•how assimilation has separated us from our culture, language, and people; where we have become uncomfortable among our own people; where we dislike, criticize, or compete with others in our group

•any ways we’re afraid to get close to or stand with other people of the global majority, especially our African-heritage brothers and sisters, for fear of being targeted like they are

•where we have a hard time standing up period,10 for fear of the oppressors attacking us

•how racism has confused us into seeing other people of the global majority (especially people of African heritage) as less smart, less capable, and to be feared.

We also need to address racism with our white allies. Our white allies in the RC Communities are important to us. We have close relationships with them, and many of them have made a significant difference in our lives. We love and treasure them, but racism gets in the way of our having them fully and their having us.

Confronting their racism is not easy. We are often afraid that we will lose them, that they will withdraw and go away.


As Asians we are smart, powerful, beautiful, and good. We get to reclaim our cultures, histories, and realities as central. We get to reclaim our minds and our significance. Our full participation is crucial to a liberated society. We don’t have to settle for patterns of assimilation; we are bigger and stronger than that. We can discharge the effects of racism and assimilation and reach for and have each other. Let’s continue to create the space we need in RC to move toward having each other fully.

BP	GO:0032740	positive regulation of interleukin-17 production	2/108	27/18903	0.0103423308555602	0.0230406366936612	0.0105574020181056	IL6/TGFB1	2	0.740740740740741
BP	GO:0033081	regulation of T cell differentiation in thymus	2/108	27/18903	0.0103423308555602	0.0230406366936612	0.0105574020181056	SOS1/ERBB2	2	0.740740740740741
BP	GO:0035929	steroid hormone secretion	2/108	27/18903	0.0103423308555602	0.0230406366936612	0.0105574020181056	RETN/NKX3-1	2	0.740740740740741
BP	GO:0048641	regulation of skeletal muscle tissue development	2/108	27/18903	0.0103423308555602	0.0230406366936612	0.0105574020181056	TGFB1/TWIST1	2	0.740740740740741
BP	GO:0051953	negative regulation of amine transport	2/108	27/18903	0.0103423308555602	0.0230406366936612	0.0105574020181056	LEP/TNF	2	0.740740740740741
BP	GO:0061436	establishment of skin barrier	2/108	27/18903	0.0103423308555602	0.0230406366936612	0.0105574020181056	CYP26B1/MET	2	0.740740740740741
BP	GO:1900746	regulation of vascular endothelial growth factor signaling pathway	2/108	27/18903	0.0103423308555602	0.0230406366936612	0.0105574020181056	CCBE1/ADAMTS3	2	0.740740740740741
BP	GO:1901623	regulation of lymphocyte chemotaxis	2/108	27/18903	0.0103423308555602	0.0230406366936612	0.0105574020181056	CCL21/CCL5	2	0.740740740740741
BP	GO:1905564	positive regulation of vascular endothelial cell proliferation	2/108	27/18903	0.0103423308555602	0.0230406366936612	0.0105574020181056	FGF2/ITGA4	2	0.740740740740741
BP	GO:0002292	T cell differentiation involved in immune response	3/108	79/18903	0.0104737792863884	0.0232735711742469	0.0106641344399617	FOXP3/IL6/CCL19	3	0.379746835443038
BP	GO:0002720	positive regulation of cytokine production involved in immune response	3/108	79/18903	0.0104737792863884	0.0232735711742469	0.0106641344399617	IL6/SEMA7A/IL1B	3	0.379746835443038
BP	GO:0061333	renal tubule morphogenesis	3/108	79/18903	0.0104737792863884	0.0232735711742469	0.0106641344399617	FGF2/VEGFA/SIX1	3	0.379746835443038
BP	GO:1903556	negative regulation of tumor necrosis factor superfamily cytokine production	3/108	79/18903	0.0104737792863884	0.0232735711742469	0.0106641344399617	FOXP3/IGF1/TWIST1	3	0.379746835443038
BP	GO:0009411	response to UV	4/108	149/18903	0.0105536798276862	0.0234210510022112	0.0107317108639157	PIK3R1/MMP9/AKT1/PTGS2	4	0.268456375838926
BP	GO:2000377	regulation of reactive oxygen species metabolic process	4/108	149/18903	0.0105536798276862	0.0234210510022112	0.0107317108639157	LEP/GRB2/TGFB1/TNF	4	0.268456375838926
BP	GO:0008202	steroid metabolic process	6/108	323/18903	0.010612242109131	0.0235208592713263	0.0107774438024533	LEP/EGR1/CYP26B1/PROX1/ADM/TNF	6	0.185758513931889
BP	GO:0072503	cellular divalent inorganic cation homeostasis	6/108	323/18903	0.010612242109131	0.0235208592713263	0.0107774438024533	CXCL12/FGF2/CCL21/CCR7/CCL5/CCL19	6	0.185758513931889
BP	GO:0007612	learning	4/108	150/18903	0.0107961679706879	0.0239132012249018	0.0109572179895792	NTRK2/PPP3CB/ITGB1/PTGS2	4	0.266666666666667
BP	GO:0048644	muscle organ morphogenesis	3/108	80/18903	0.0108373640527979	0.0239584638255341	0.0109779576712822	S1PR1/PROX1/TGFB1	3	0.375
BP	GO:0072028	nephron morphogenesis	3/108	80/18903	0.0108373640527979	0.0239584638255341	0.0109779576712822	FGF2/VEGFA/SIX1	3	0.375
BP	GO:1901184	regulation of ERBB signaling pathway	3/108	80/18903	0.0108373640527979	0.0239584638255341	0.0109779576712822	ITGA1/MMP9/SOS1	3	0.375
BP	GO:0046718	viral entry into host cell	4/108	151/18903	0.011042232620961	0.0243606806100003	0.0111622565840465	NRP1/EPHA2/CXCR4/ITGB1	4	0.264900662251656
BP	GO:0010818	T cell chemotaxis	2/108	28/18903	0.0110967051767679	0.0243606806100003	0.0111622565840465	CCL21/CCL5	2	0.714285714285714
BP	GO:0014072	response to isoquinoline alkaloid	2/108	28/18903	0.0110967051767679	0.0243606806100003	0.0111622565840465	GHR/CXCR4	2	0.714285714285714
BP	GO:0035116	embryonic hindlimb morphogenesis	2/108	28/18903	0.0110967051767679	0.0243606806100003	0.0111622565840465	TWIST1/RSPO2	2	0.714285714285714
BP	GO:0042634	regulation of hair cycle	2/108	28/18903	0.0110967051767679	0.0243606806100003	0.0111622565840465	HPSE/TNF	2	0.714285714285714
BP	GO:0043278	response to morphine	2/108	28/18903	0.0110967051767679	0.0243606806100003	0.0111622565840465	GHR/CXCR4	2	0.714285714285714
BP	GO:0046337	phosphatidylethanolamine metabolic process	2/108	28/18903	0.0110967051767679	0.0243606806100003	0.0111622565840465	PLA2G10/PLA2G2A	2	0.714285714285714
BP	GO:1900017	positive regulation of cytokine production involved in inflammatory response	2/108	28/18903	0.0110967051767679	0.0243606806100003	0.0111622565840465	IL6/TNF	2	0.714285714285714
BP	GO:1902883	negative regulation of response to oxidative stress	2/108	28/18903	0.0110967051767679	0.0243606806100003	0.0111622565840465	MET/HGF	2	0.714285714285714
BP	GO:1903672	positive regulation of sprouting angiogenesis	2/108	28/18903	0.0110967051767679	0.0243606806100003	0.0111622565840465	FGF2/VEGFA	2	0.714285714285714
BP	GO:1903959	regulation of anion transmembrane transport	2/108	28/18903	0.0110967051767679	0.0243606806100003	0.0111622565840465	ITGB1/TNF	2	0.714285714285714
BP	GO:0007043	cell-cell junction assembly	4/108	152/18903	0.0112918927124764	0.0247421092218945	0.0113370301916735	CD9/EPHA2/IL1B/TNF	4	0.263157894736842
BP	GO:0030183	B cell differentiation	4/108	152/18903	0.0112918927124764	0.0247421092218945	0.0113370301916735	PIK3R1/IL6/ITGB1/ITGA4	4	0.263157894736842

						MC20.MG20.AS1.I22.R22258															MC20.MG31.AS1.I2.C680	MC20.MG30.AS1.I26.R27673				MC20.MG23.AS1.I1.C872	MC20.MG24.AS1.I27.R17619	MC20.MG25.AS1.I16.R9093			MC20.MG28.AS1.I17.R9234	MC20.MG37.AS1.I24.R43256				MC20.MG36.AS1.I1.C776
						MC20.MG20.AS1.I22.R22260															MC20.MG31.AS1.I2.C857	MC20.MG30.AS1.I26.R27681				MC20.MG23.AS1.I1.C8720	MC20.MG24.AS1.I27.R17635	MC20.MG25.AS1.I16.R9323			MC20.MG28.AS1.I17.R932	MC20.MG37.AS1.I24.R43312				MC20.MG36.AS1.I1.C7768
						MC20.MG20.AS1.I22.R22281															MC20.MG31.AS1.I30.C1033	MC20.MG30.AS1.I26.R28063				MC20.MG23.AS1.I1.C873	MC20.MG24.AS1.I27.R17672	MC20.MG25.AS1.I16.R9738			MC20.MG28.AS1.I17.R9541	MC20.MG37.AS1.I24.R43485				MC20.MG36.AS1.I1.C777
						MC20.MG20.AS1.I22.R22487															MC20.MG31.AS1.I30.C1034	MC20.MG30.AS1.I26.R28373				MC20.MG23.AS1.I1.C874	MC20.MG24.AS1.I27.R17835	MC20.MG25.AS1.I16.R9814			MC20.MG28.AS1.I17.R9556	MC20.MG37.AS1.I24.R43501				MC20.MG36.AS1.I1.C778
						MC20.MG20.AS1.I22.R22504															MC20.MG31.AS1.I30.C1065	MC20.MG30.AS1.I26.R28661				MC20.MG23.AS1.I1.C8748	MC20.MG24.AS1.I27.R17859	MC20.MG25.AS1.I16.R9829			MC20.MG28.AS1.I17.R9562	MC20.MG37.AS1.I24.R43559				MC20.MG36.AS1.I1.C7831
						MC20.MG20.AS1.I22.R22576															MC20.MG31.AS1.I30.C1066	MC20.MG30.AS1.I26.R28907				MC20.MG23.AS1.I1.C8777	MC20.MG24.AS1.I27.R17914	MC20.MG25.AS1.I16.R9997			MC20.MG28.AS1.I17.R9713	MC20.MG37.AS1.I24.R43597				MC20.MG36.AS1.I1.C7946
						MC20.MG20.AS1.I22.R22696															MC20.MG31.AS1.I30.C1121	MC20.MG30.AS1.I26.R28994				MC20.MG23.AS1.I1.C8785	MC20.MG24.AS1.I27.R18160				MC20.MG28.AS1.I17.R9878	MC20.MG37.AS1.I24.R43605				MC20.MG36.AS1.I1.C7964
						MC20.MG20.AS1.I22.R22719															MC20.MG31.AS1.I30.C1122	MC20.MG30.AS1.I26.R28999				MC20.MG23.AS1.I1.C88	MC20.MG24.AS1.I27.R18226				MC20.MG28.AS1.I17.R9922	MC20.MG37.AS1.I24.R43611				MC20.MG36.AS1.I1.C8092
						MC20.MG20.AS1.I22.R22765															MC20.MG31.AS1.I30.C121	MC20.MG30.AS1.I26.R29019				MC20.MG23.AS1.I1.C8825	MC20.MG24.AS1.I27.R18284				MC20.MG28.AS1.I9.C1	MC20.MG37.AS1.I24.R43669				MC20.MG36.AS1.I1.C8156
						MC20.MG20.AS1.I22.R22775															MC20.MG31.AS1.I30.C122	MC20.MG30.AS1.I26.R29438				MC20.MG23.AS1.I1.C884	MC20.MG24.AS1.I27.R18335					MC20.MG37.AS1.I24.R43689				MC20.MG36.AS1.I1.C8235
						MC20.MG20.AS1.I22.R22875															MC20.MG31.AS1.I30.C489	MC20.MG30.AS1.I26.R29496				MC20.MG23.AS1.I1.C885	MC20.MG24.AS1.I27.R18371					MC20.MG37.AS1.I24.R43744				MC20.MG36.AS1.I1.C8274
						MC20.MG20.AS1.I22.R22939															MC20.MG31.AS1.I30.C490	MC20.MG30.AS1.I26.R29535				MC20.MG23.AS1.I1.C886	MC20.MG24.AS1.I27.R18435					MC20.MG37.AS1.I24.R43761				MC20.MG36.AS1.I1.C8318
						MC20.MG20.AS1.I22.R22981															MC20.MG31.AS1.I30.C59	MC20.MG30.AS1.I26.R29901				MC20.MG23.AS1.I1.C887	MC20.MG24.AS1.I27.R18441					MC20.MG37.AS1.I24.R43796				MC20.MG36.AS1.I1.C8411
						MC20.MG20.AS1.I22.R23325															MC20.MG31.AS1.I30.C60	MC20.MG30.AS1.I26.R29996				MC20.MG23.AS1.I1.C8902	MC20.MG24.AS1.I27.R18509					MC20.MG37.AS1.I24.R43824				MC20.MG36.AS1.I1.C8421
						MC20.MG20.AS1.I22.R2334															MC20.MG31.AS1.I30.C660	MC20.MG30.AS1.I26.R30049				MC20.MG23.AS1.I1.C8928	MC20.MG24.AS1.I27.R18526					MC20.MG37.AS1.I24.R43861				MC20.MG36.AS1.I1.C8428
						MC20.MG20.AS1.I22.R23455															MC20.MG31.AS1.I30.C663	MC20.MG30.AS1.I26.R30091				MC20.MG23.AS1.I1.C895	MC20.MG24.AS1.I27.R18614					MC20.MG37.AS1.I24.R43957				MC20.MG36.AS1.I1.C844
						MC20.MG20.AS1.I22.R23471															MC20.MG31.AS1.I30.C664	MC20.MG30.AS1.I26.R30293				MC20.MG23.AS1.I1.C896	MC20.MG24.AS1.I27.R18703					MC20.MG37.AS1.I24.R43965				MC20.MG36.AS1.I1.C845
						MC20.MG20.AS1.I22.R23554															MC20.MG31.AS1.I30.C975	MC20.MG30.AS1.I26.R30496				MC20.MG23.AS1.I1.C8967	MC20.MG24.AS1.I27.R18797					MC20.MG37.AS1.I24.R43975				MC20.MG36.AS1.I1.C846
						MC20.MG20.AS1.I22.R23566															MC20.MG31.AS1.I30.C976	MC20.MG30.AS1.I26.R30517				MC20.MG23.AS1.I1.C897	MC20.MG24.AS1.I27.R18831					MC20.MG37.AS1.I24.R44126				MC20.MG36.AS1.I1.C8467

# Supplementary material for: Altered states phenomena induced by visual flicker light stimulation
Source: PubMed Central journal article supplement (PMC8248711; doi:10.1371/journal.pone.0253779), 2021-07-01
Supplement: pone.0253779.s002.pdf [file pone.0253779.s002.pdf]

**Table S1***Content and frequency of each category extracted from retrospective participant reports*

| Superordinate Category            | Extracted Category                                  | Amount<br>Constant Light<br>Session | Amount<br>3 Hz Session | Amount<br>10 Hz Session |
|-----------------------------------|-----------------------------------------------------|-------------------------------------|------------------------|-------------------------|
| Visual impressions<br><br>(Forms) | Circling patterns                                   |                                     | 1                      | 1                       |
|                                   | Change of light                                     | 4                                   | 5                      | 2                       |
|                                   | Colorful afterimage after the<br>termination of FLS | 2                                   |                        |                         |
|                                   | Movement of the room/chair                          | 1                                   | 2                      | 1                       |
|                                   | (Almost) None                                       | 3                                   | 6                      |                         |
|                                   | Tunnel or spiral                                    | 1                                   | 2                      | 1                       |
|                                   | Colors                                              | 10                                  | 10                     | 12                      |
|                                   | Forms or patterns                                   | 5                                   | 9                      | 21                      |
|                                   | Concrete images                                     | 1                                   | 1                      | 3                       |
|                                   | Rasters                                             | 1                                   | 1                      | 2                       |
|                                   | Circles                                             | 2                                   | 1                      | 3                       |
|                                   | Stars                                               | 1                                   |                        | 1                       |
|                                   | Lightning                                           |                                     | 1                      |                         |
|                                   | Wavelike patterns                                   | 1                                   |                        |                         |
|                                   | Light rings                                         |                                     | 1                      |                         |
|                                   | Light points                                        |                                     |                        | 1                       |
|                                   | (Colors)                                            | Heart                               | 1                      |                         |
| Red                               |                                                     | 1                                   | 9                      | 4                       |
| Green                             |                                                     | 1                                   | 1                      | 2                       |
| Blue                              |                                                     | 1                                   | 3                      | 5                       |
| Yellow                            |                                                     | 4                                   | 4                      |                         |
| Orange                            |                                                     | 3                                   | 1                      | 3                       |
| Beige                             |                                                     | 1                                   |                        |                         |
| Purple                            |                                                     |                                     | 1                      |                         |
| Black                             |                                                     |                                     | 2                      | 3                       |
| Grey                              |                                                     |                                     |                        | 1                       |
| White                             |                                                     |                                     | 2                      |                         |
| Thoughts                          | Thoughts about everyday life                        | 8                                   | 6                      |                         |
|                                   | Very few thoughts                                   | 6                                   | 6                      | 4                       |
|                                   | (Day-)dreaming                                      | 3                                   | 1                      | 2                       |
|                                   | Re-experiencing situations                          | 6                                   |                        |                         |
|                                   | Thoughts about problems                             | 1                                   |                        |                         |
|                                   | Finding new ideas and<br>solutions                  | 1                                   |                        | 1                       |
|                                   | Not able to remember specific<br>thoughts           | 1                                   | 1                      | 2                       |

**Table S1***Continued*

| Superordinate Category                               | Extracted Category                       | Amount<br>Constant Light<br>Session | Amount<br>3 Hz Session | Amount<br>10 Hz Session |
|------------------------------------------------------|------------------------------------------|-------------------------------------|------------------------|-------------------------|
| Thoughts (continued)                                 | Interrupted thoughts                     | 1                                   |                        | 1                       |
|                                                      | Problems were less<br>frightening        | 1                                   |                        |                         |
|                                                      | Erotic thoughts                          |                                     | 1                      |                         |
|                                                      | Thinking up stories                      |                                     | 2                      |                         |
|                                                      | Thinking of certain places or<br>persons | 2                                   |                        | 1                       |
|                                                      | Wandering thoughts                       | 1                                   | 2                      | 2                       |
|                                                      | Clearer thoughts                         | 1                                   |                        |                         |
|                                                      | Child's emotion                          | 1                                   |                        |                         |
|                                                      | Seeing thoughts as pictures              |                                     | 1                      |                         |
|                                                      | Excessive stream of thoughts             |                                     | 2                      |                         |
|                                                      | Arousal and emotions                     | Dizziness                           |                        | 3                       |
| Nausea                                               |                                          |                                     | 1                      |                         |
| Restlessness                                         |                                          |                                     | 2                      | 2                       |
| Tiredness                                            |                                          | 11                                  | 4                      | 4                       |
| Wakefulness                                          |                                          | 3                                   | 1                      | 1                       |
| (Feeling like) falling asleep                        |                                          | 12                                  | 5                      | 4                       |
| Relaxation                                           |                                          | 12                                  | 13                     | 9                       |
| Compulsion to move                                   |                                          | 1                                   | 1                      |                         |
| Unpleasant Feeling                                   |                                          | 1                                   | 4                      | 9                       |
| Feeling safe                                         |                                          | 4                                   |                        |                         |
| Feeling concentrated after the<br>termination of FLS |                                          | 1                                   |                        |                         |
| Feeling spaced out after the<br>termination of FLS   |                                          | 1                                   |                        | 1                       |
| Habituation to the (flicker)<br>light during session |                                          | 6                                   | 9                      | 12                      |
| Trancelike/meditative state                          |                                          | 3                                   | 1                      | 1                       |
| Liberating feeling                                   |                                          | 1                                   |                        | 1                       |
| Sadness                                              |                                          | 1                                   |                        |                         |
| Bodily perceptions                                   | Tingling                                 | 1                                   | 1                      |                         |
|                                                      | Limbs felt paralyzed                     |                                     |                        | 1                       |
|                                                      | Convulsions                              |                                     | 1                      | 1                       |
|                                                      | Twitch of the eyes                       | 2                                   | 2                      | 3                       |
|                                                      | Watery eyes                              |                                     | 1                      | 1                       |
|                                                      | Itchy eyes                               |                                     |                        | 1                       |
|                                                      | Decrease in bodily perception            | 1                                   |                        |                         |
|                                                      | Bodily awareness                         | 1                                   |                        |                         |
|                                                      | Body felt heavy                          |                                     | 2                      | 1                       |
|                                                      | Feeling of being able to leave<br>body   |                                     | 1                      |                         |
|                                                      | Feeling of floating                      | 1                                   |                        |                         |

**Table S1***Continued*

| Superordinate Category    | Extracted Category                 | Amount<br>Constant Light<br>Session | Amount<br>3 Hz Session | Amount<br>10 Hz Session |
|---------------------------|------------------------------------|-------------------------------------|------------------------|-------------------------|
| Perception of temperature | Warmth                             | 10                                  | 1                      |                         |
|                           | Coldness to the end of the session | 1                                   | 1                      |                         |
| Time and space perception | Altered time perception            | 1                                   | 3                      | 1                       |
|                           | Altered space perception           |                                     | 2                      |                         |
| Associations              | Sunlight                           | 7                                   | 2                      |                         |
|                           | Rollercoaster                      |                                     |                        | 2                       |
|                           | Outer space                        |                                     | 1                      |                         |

Cheng Imm Tan
Boston, Massachusetts, USA

1 The Japanese internment was the internment in “War Relocation Camps” during World War II of nearly 120,000 U.S. citizens of Japanese and Okinawan heritage.
2 The Chinese Exclusion Act of 1882 blocked, for ten years, the entry of Chinese laborers into the United States.
3 “Yellow peril” was a term used by oppressive forces in the United States, beginning in the late 1800s, to scare the U.S. white population into believing that Asian immigrants were threatening white wages and standards of living and that East Asian countries would invade Western societies and destroy “Western civilization.”
4 The Chinese workers, heavily exploited and discriminated against, who in the 1800s built most of the U.S. transcontinental railroad
5 “Plays out” means is acted out.
6 “Run” means act out.
7 “Full throttle” means at full speed.
8 “Tell us apart” means differentiate us.
9 “Take on” means adopt.
10 “Period” means in any way.

Last modified: 2015-08-26 22:24:45+00